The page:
Grad student wins Best Paper award at space surveillance technology conference
Purdue AAE graduate student John Iannamorelli demonstrated ways to track objects in the notoriously difficult orbital environment of cislunar space. His paper, co-authored with AAE assistant professor Keith LeGrand, won the Best Paper award at the 24th Advanced Maui Optical and Space Surveillance Technologies (AMOS) Conference.
“I was enormously proud of John’s accomplishment,” LeGrand says. “AMOS is considered the top scientific conference in the field of space situational awareness (SSA)/space domain awareness (SDA). They hosted more than 1,300 participants this year.”
In the cislunar region, spacecraft are subjected to competing gravity forces from both the Earth and moon. Traffic in this area is becoming busier, with NASA’s Artemis mission sending humans to the moon again in preparation for the Lunar Gateway space station, plus countries like India and Russia attempting to land uncrewed craft on the moon.
But working in this region requires careful navigation, which means knowing where everyone else is, too.
“We've been seeing an increasing interest in moving space operations to this region. To do so, we need to be able to track satellites, especially ones that we can't communicate with, while they operate and perform maneuvers. The trajectories of such satellites are highly unpredictable, so the typical methods of tracking maneuvering targets only work in a subset of simulations,” Iannamorelli says.
Another challenge in this space is in simply getting information on how other satellites are moving. Factors like whether the target is in direct sunlight or lit at an angle; obscured by the Earth or moon; or just not within view of Earth-based telescopes all result in sporadic and noisy information.
In his paper, titled, “Adaptive Filtering for Multi-Sensor Maneuvering Cislunar Space Object Tracking,” Iannamorelli described a new probabilistic filter that could effectively track these satellites based on little available information. This adaptive Bayesian filter, the paper says, can track an object through both ballistic and maneuvering phases of an Artemis I-like trajectory. Iannamorelli even went further to make recommendations on where telescopes could be placed to improve tracking in certain situations.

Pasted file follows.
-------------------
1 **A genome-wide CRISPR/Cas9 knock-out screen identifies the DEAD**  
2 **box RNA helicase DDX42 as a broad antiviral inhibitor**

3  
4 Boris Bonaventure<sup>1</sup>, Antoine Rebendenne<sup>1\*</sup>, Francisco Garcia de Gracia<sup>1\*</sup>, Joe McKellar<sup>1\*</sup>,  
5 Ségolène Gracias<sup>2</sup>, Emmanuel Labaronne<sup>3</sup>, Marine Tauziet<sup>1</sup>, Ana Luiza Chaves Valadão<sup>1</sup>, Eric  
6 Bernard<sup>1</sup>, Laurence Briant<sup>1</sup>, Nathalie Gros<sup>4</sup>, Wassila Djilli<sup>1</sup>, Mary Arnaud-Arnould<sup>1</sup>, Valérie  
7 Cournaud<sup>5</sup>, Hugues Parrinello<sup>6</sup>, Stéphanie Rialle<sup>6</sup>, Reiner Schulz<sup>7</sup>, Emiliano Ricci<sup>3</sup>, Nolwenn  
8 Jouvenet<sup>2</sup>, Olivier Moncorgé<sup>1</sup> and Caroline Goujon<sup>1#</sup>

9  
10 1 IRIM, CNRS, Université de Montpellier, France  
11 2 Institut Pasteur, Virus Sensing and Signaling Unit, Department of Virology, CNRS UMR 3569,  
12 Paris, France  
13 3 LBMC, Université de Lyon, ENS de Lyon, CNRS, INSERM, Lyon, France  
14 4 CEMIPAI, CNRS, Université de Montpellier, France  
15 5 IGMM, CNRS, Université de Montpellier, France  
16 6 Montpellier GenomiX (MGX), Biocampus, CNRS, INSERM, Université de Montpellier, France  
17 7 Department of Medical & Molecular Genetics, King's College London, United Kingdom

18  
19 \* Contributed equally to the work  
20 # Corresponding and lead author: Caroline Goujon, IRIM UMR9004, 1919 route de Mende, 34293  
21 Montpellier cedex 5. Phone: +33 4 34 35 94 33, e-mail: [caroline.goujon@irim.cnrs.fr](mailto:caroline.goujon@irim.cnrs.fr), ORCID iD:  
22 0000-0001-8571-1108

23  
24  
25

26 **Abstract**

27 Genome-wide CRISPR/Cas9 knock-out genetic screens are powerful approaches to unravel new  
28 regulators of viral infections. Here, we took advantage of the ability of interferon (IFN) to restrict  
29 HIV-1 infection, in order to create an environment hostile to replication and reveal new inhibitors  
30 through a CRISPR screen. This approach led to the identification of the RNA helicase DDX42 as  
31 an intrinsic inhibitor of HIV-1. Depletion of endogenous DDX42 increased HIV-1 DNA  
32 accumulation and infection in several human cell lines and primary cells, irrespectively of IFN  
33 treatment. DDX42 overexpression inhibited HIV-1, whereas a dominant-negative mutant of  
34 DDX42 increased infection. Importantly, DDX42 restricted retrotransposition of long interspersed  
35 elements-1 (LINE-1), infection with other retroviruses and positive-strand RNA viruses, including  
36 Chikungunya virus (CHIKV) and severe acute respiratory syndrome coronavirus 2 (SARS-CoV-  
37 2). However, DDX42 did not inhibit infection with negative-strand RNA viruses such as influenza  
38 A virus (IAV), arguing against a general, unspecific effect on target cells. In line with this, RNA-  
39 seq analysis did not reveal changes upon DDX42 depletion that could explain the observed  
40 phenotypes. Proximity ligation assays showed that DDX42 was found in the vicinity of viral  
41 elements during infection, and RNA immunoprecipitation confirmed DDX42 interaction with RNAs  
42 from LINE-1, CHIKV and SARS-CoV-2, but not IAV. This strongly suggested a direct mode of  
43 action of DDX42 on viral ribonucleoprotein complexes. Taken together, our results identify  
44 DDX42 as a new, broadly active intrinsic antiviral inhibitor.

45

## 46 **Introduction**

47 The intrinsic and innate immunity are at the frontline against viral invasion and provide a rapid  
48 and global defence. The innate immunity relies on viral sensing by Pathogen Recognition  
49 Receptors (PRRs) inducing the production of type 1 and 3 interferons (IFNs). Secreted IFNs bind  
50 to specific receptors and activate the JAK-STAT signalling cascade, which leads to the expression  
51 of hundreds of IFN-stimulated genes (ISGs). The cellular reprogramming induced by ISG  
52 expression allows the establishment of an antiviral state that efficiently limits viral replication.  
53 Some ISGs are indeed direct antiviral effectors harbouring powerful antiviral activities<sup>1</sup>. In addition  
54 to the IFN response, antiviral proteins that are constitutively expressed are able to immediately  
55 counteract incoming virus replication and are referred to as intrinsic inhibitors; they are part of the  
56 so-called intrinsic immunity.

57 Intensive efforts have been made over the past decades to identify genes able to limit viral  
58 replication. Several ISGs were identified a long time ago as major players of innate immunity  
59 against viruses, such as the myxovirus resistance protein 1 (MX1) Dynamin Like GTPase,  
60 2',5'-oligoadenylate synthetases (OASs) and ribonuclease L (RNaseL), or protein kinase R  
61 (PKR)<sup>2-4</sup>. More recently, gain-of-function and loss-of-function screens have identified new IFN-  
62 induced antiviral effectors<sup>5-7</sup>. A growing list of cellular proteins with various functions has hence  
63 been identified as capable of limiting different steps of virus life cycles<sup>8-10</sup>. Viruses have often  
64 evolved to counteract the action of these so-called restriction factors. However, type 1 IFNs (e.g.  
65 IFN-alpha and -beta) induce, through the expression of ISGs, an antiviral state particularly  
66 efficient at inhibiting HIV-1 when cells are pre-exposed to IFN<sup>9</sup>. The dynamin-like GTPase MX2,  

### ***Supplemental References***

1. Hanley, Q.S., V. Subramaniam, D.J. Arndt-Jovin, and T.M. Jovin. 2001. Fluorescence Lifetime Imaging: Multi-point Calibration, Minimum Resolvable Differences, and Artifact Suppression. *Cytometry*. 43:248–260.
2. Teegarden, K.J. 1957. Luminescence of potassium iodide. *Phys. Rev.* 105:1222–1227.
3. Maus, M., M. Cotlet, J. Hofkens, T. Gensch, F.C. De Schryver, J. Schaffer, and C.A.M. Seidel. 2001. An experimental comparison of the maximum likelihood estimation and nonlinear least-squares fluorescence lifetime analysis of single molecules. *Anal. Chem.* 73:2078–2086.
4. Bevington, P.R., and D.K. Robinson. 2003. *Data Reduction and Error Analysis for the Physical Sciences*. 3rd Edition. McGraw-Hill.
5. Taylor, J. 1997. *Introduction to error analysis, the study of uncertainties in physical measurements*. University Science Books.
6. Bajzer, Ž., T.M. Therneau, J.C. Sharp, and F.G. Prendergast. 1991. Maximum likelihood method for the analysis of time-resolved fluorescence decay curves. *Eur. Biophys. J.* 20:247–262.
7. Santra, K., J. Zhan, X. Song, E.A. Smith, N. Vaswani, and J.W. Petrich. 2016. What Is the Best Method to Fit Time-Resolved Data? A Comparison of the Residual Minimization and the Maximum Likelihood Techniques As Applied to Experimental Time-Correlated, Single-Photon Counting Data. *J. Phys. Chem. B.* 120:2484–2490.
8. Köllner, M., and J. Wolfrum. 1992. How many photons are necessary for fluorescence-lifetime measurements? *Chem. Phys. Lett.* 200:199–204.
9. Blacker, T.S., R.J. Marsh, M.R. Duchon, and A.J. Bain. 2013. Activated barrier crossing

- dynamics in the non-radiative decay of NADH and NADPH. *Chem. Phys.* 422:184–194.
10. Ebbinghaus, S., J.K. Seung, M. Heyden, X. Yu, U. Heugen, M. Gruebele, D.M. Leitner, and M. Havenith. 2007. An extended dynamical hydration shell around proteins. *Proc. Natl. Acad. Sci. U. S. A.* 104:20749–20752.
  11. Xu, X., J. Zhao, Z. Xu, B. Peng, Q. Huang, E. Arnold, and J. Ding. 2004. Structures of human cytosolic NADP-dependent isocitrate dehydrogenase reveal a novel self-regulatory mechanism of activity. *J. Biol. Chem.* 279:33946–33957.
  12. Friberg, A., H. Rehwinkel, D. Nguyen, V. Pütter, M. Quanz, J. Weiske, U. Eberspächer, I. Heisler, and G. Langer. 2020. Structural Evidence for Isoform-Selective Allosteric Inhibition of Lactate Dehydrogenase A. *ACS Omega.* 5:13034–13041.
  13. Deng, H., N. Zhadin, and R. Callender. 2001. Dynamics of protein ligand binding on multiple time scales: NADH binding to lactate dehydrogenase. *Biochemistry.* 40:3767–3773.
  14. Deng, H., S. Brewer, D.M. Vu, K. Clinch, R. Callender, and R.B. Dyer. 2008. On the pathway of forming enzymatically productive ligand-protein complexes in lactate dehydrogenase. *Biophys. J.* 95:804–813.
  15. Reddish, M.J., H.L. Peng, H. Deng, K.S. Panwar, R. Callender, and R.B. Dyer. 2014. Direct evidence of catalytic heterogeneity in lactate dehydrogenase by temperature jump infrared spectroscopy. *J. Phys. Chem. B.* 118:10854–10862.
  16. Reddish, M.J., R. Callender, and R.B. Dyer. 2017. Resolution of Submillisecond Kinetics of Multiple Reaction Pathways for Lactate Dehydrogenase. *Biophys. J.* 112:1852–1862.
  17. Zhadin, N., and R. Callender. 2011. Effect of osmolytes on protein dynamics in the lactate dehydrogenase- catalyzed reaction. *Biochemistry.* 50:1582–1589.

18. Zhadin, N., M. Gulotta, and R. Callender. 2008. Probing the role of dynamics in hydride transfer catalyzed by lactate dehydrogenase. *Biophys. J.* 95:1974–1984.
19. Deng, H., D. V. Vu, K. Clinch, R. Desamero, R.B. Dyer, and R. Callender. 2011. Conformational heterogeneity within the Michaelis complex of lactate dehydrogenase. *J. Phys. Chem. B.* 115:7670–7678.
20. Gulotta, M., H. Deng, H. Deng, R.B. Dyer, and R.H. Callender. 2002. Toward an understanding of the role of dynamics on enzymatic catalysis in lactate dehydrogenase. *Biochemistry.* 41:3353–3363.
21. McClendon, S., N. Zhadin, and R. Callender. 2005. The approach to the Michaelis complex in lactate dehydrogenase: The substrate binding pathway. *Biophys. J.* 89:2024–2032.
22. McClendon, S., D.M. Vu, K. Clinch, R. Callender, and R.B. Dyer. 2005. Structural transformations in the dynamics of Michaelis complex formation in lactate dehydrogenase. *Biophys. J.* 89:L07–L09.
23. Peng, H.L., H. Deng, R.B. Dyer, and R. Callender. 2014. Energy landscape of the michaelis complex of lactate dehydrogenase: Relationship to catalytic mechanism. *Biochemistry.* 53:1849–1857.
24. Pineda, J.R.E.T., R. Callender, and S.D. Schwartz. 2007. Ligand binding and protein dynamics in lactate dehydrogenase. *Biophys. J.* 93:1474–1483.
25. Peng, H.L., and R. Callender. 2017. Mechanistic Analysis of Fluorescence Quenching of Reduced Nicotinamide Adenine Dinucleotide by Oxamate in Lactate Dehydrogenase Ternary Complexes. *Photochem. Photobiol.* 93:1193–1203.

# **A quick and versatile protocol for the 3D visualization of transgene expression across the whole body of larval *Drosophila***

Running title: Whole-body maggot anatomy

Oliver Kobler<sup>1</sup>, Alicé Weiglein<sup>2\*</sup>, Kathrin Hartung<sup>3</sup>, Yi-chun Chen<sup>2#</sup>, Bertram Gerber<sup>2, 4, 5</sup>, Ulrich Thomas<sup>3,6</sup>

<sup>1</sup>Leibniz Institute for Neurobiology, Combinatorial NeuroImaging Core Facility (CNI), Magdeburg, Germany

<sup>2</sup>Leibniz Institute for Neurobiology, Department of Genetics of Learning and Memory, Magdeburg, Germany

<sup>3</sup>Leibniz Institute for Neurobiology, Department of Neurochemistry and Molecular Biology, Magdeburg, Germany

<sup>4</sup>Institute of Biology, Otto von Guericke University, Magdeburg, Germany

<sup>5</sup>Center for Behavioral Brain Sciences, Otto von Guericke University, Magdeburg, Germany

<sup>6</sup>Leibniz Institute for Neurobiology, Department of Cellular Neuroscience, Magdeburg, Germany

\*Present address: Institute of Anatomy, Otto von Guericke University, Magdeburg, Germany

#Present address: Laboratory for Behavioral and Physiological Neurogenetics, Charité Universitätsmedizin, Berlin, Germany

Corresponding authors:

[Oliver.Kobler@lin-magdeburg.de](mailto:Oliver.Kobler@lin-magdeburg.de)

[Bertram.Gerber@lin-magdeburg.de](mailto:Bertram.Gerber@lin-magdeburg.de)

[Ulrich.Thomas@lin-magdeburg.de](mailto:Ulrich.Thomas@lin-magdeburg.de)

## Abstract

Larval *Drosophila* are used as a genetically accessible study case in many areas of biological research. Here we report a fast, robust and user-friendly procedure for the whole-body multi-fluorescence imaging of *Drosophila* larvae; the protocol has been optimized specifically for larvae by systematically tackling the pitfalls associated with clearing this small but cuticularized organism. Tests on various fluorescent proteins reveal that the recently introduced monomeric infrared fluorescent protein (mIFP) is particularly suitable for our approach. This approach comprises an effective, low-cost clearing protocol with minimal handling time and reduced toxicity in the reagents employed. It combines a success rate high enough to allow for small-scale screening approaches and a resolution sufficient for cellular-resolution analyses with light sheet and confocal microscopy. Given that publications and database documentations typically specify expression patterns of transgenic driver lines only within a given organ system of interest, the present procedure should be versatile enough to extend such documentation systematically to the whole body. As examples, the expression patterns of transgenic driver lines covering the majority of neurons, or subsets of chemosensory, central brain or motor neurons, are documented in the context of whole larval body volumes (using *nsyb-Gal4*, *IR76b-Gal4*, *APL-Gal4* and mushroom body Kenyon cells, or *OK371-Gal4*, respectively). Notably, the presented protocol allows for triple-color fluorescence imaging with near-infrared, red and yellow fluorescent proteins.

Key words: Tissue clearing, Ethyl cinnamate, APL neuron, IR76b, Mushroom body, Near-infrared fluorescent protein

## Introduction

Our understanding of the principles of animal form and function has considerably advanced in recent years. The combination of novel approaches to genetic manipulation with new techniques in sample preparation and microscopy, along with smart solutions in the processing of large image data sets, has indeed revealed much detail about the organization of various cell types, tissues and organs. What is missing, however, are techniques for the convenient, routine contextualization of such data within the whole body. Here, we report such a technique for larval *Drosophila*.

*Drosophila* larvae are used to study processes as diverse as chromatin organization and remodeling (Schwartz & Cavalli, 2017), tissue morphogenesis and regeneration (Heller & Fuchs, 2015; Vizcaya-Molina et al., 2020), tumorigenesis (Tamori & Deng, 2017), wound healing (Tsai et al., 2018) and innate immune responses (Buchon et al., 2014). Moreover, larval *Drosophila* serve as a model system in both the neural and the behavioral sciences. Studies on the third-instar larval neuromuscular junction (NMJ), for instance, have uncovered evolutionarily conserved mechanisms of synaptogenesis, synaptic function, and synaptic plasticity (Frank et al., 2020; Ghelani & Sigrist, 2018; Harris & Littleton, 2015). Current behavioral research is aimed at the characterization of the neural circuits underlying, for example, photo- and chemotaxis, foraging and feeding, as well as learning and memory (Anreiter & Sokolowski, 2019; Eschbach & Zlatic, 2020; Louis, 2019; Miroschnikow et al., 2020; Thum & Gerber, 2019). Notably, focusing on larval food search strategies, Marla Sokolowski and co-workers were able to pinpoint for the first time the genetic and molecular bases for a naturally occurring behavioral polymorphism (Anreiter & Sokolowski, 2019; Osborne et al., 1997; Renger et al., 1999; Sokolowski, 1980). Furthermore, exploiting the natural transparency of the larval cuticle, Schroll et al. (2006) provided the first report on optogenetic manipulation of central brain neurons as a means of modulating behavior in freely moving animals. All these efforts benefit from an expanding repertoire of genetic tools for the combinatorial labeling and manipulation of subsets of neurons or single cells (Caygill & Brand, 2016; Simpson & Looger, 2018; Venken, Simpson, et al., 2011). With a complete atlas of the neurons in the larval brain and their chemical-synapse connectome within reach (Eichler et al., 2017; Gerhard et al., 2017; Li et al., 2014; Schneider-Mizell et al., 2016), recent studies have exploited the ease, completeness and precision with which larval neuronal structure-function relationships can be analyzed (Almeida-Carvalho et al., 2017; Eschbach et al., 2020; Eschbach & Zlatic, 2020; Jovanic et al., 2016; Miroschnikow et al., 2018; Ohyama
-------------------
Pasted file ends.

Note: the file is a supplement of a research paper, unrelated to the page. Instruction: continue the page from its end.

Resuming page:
“One thing that stood out to me about this paper was John’s application of multiple research disciplines,” LeGrand says. “While the focus of the paper was on estimation and tracking theory, John applied advanced astrodynamics theory he learned from his graduate coursework to design notional cislunar space-based telescope orbits and an Artemis-I like target trajectory to serve as a test case for our tracking algorithm.”
This was Iannamorelli’s first paper as the first credited author. LeGrand says they went through many revisions to make sure it was well organized and easy to read, but still mathematically rigorous. Though Iannamorelli heard in advance that he was in the running for Best Paper, he wouldn’t know the outcome until after he’d presented.
“I was definitely nervous about getting up on the stage in front of such a large crowd in such a formal setting. I had practiced quite a bit, so once I was on stage presenting, it was definitely easier to be up there. Especially considering the stage lights that prevented me from being able to see the crowd,” he says.
“Hearing that I had won was definitely the highlight of the conference.”